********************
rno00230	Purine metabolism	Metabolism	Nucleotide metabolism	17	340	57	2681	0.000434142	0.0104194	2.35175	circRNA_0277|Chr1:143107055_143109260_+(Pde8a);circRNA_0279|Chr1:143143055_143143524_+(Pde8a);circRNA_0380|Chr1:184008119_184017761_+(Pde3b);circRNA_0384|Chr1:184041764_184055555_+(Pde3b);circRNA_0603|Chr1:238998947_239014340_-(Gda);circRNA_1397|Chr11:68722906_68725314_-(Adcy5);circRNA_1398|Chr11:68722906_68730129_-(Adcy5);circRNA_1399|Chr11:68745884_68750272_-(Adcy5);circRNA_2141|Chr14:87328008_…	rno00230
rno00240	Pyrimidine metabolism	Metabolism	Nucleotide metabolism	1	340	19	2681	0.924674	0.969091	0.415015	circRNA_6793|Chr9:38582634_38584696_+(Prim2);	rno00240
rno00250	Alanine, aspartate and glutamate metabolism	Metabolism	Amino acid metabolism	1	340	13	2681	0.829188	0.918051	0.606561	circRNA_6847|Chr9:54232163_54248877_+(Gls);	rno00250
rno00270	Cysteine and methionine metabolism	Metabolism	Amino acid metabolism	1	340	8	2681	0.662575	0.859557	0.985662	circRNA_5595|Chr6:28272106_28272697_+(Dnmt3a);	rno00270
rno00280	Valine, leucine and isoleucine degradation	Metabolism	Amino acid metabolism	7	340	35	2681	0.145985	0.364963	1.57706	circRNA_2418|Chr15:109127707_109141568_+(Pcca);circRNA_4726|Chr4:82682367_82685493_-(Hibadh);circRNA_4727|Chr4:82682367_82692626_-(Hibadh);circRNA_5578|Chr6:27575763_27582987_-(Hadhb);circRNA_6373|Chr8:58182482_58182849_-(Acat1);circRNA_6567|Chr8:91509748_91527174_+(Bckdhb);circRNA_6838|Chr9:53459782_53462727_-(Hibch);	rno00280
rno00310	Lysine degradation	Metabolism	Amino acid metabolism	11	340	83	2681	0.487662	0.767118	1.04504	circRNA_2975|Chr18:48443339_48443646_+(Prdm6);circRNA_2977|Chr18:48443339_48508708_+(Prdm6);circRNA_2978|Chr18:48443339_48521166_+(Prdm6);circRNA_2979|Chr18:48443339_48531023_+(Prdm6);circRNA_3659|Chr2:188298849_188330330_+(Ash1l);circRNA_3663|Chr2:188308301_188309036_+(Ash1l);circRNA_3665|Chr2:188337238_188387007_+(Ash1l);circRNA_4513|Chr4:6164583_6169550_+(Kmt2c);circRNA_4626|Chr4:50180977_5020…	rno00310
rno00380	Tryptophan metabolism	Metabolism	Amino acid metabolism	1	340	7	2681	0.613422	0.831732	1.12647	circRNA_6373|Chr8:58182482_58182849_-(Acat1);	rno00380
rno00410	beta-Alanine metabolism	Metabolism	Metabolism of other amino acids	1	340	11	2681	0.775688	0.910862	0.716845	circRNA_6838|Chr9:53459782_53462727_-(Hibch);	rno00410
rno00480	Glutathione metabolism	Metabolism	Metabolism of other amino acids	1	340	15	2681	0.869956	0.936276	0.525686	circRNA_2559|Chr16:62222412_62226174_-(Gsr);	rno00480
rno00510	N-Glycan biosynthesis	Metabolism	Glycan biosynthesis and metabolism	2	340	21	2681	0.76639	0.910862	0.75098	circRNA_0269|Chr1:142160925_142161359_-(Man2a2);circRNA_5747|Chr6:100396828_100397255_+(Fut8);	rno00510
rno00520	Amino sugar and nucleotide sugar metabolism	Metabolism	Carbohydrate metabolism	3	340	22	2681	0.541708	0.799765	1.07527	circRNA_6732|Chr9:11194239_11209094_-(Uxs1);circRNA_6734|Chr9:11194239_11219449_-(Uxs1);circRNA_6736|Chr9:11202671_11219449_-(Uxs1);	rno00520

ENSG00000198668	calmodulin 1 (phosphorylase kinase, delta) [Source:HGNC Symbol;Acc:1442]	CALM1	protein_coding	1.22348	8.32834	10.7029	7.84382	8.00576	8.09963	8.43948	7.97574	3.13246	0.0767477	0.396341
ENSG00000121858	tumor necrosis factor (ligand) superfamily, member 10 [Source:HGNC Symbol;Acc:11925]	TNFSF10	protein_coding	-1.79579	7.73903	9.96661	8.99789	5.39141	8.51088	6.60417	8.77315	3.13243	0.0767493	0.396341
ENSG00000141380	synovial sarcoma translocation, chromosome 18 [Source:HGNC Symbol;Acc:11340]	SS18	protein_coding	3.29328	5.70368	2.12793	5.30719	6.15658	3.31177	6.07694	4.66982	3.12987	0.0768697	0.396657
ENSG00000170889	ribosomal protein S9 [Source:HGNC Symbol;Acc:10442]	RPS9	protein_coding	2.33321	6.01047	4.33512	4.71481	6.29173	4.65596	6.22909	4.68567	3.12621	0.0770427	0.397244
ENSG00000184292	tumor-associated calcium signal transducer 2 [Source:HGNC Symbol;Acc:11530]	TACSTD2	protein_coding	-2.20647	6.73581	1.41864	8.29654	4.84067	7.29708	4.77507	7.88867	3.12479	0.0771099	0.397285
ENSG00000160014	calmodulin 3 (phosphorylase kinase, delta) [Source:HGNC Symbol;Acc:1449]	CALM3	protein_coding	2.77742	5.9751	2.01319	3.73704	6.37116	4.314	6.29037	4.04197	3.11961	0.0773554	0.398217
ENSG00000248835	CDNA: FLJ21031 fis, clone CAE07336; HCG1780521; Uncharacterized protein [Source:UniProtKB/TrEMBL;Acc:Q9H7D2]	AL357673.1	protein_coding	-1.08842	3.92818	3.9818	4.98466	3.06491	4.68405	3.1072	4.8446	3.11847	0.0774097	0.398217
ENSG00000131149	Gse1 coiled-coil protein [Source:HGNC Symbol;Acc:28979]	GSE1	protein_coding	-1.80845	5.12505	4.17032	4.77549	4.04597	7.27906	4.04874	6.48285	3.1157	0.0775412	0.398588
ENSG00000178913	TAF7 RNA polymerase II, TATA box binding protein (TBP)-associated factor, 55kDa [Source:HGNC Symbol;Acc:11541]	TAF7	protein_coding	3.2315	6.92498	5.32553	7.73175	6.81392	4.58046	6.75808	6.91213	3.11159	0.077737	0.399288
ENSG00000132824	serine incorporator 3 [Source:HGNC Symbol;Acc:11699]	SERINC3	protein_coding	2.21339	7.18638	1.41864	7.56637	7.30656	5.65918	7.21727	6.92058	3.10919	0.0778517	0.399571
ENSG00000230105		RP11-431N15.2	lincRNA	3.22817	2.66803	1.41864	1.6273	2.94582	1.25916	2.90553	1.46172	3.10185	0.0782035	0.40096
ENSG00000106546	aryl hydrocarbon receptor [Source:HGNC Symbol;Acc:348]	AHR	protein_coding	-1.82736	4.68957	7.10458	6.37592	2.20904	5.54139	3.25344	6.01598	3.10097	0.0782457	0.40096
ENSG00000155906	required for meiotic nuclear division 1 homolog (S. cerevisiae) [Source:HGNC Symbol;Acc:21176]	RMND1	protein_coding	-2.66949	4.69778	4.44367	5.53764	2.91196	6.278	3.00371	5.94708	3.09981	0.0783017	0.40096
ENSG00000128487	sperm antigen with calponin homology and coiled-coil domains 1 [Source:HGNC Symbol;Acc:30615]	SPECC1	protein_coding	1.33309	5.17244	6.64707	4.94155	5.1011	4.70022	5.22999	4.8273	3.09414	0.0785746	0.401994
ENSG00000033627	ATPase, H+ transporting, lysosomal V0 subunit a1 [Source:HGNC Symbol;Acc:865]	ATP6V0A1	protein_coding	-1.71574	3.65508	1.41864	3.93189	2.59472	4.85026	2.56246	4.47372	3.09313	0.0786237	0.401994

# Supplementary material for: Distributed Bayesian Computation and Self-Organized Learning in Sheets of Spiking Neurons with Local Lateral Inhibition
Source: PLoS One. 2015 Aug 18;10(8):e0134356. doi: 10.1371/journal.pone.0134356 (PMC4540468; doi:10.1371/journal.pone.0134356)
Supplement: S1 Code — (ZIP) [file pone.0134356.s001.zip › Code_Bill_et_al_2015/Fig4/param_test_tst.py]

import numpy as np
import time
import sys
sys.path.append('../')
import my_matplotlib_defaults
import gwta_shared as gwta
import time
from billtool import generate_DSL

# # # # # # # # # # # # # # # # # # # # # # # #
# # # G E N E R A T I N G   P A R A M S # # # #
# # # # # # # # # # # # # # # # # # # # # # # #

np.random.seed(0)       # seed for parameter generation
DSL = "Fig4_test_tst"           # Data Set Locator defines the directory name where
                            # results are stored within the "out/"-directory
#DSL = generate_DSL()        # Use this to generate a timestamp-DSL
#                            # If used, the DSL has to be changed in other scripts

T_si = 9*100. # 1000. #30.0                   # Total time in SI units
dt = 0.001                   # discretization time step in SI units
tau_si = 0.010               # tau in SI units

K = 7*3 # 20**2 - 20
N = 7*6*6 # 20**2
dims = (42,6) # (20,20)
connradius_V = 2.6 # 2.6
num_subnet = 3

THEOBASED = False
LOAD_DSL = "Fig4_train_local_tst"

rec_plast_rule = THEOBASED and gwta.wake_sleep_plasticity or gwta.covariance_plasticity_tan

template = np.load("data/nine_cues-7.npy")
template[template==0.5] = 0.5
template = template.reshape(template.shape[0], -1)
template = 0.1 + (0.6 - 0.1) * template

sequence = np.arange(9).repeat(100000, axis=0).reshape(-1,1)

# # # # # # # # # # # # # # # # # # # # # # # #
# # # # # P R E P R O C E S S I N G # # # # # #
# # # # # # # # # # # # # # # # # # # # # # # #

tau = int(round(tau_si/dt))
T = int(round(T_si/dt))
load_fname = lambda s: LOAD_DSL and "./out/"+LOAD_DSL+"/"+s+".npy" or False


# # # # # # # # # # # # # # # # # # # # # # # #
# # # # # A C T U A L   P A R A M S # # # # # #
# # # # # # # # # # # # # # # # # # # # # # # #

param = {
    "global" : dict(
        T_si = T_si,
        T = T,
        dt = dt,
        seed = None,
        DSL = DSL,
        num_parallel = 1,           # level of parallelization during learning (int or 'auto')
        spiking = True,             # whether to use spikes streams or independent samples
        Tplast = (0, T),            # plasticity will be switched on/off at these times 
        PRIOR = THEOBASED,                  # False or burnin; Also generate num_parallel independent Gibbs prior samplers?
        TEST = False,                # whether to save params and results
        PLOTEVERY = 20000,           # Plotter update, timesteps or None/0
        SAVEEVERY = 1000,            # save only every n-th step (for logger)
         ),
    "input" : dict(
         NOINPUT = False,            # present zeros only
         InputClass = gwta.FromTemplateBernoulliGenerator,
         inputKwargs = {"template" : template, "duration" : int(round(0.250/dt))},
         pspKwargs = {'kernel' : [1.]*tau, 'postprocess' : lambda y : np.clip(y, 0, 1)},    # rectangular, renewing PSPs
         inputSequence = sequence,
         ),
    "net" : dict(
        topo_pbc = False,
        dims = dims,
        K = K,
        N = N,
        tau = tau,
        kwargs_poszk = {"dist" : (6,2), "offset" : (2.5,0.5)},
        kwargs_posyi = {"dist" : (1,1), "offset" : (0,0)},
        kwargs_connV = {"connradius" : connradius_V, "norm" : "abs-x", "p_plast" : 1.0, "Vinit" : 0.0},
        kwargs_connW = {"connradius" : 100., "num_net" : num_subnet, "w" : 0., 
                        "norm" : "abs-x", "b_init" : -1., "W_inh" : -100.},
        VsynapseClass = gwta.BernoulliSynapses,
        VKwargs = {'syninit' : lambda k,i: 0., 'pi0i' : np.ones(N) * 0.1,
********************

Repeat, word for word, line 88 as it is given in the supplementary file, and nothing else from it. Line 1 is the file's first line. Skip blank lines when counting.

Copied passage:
         InputClass = gwta.FromTemplateBernoulliGenerator,